Chait on Ryan and public policy:
He's got some sharp observations about Paul Ryan's budget and tax proposal, and also writes
The basic thrust of liberal public policy over the last century is to keep in places the market system but use government to slightly mitigate against risk--the risk of getting sick, the risk of outliving your savings, the risk that you just won't make much money in the first place. The downside of these policies is that, in order to mitigate the downside risk, you also have to mitigate the upside benefit. If you're unusually rich, you have to pay a somewhat higher tax rate than most people. If you're unusually healthy, you have to subsidize medical care for people who aren't. If you were able to invest well enough to cover your entire retirement, some of your good fortune will be siphoned off to those who weren't. The rewards for getting rich, or merely being born rich, will remain enormous, just slightly less so than in a completely free market.
Republicans want to eliminate these mitigations of risk. Ryan would retain some bare-bones subsidies for the poorest, but the overwhelming thrust in every way is to liberate the lucky and successful to enjoy their good fortune without burdening them with any responsibility for the welfare of their fellow citizens. (...)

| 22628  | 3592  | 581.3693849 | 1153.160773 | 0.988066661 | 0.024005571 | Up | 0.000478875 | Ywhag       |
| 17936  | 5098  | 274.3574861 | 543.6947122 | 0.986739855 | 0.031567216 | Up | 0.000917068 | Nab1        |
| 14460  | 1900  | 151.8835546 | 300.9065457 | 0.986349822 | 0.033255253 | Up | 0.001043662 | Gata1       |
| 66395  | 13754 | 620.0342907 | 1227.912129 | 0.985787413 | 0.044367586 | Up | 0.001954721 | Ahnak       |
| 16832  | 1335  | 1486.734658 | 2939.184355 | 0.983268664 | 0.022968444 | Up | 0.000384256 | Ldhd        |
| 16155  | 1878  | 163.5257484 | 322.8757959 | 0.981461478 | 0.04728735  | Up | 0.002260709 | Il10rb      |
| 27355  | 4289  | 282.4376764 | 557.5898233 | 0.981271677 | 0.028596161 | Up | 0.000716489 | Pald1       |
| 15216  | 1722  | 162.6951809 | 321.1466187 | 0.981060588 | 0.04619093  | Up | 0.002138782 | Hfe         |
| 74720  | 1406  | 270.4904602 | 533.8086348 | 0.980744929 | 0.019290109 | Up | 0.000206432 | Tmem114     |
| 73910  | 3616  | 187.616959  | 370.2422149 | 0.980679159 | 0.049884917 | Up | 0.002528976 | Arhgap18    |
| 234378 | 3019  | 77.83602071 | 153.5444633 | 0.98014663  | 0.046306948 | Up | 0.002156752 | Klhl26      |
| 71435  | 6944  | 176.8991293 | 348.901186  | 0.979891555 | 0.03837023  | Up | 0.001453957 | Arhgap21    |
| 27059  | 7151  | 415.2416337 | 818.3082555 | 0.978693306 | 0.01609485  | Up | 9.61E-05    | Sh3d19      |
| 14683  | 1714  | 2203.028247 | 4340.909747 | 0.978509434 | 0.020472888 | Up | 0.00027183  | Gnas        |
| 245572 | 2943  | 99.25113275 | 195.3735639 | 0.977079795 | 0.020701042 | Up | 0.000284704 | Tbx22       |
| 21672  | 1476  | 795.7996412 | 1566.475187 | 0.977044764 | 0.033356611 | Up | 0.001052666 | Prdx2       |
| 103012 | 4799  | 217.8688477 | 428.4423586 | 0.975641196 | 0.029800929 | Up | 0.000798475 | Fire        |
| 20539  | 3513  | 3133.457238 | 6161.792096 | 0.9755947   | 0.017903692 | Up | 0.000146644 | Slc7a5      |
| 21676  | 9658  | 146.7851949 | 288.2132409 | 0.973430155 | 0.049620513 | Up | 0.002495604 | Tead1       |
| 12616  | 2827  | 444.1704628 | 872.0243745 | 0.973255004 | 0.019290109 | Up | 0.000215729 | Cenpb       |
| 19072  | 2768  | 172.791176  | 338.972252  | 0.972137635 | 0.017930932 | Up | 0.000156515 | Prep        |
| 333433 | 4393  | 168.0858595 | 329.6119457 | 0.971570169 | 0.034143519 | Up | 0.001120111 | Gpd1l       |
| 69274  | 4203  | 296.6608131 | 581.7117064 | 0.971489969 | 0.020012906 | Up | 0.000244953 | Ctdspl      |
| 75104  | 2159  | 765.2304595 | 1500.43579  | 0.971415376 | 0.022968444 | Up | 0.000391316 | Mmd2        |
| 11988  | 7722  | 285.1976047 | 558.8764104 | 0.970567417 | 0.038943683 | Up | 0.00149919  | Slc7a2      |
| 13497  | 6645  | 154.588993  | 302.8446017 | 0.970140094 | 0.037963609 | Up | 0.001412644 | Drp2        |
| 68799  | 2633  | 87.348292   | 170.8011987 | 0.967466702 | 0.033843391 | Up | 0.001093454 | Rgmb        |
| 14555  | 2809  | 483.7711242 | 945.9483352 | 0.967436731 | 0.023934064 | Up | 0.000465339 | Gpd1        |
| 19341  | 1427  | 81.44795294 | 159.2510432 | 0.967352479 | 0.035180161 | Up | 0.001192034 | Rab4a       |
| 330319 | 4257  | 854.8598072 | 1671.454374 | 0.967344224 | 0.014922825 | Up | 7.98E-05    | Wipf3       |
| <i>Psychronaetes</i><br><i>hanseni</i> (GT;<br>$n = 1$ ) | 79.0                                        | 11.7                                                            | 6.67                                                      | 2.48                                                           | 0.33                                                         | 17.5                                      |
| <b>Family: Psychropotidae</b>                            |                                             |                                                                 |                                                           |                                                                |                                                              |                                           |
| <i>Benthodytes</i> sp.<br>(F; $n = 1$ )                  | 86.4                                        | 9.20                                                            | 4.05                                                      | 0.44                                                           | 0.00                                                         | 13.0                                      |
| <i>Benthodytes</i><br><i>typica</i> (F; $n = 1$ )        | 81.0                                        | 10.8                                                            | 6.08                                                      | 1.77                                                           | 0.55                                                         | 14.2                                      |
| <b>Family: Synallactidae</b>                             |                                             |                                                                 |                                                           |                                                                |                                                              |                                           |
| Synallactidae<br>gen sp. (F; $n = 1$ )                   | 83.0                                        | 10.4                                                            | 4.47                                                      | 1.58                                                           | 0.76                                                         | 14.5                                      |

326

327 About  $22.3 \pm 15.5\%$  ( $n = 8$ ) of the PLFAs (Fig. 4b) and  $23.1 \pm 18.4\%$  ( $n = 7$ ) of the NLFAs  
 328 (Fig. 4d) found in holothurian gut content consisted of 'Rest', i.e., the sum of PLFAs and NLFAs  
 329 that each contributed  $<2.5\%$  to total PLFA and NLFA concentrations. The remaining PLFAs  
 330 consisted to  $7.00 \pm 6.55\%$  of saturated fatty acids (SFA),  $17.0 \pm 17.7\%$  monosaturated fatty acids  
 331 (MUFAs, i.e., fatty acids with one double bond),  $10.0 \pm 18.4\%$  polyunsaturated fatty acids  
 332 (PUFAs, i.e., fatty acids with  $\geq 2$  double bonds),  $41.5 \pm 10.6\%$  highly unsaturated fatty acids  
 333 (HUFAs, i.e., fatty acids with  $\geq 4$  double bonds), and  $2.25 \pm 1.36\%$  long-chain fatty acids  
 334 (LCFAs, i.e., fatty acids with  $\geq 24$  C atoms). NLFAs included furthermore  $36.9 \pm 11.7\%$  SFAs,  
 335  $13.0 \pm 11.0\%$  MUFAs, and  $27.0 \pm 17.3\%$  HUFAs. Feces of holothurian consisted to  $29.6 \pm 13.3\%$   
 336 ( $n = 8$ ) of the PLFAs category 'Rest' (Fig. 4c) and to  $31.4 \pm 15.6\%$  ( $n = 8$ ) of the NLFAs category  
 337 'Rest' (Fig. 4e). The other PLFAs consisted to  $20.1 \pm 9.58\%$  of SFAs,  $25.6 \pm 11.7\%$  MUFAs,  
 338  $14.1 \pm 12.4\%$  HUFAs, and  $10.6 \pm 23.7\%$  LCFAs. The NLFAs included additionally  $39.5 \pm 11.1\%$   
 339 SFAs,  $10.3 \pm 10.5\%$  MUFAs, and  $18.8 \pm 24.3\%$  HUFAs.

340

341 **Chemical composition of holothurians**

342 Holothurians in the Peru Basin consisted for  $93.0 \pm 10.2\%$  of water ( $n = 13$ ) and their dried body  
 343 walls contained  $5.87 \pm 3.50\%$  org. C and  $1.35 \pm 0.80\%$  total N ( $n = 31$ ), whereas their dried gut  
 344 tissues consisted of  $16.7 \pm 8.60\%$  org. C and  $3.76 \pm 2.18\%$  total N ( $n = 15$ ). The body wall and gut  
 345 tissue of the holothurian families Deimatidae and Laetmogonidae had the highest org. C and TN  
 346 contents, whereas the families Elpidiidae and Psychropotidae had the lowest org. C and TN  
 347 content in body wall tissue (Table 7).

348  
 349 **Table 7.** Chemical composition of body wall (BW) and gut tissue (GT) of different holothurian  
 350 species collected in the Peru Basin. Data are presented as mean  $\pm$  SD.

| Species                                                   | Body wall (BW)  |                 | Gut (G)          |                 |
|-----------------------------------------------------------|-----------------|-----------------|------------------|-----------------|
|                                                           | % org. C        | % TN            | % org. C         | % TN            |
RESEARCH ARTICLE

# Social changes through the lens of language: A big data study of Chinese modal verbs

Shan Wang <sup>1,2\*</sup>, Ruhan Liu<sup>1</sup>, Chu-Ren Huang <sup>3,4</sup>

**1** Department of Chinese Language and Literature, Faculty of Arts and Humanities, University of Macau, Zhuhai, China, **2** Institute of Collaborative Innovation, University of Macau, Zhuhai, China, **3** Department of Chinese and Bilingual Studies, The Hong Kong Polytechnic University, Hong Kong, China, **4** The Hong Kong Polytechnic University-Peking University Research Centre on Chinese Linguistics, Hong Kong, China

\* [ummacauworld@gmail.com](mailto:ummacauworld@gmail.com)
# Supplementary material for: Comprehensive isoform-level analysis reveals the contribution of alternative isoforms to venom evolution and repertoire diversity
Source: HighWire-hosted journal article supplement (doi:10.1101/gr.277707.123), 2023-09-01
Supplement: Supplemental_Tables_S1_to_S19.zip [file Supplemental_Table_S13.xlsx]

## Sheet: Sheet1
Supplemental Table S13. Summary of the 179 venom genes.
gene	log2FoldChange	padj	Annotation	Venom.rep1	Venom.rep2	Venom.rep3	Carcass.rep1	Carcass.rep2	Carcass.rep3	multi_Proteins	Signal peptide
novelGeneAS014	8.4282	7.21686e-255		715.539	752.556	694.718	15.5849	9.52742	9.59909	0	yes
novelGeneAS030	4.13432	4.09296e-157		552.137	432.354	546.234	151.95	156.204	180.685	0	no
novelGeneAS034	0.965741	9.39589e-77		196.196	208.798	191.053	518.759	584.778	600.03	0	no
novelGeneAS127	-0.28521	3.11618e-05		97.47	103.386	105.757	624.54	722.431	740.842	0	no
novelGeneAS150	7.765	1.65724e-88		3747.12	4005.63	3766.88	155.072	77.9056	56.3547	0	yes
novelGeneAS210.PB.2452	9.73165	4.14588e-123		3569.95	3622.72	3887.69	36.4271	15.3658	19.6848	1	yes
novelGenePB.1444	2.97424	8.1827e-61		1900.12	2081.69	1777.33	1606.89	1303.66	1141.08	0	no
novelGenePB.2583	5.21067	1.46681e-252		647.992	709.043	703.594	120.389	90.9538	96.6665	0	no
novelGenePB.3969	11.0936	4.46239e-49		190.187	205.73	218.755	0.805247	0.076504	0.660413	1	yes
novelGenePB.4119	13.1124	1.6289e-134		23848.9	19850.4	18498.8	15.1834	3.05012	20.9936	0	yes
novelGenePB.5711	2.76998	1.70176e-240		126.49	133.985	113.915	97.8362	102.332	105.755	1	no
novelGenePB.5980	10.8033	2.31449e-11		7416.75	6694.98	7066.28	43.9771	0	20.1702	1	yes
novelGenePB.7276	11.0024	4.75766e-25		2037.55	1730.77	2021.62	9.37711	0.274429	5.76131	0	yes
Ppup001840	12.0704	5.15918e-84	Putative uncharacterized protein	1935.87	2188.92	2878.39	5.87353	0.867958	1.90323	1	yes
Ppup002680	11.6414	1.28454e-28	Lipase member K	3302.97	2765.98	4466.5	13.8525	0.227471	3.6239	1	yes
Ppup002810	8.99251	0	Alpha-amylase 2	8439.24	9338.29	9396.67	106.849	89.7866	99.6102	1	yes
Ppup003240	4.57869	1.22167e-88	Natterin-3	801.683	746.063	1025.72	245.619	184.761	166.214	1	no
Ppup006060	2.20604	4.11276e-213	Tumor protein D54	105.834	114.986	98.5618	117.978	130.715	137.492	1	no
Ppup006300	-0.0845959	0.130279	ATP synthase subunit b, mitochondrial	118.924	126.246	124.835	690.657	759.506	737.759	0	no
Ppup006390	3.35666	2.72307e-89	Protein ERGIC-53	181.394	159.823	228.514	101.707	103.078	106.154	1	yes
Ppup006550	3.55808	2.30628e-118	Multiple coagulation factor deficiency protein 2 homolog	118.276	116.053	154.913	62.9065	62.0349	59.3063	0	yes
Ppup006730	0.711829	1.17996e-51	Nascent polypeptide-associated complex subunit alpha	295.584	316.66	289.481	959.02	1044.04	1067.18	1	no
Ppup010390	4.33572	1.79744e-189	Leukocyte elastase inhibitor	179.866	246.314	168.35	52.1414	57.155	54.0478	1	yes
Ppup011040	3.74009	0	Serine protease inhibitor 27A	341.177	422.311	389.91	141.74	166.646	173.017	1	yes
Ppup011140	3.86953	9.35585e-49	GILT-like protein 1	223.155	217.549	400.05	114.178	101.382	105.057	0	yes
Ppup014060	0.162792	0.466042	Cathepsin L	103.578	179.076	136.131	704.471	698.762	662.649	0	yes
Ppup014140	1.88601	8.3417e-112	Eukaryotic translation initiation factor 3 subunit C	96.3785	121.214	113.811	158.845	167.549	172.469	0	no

The core of the Randian worldview, as absorbed by the modern GOP, is a belief that the natural market distribution of income is inherently moral, and the central struggle of politics is to free the successful from having the fruits of their superiority redistributed by looters and moochers.
Chait is saying that Republicans are opposed to national insurance programs. Of all types (health, retirement, employment). And they are!
Also, is the natural market distribution of income inherently moral? Certainly not in all cases. There is luck involved, as anyone who dabbles in the stock market can tell you. Large market forces in far-away places can affect one's fortunes here, for better or worse, no matter how much talent or effort is deployed. And how do the inheritors of wealth function within a market? Then there's health, which is not market driven in any way. But for those who are in good physical shape and well off, Ryan's governing philosophy is attractive.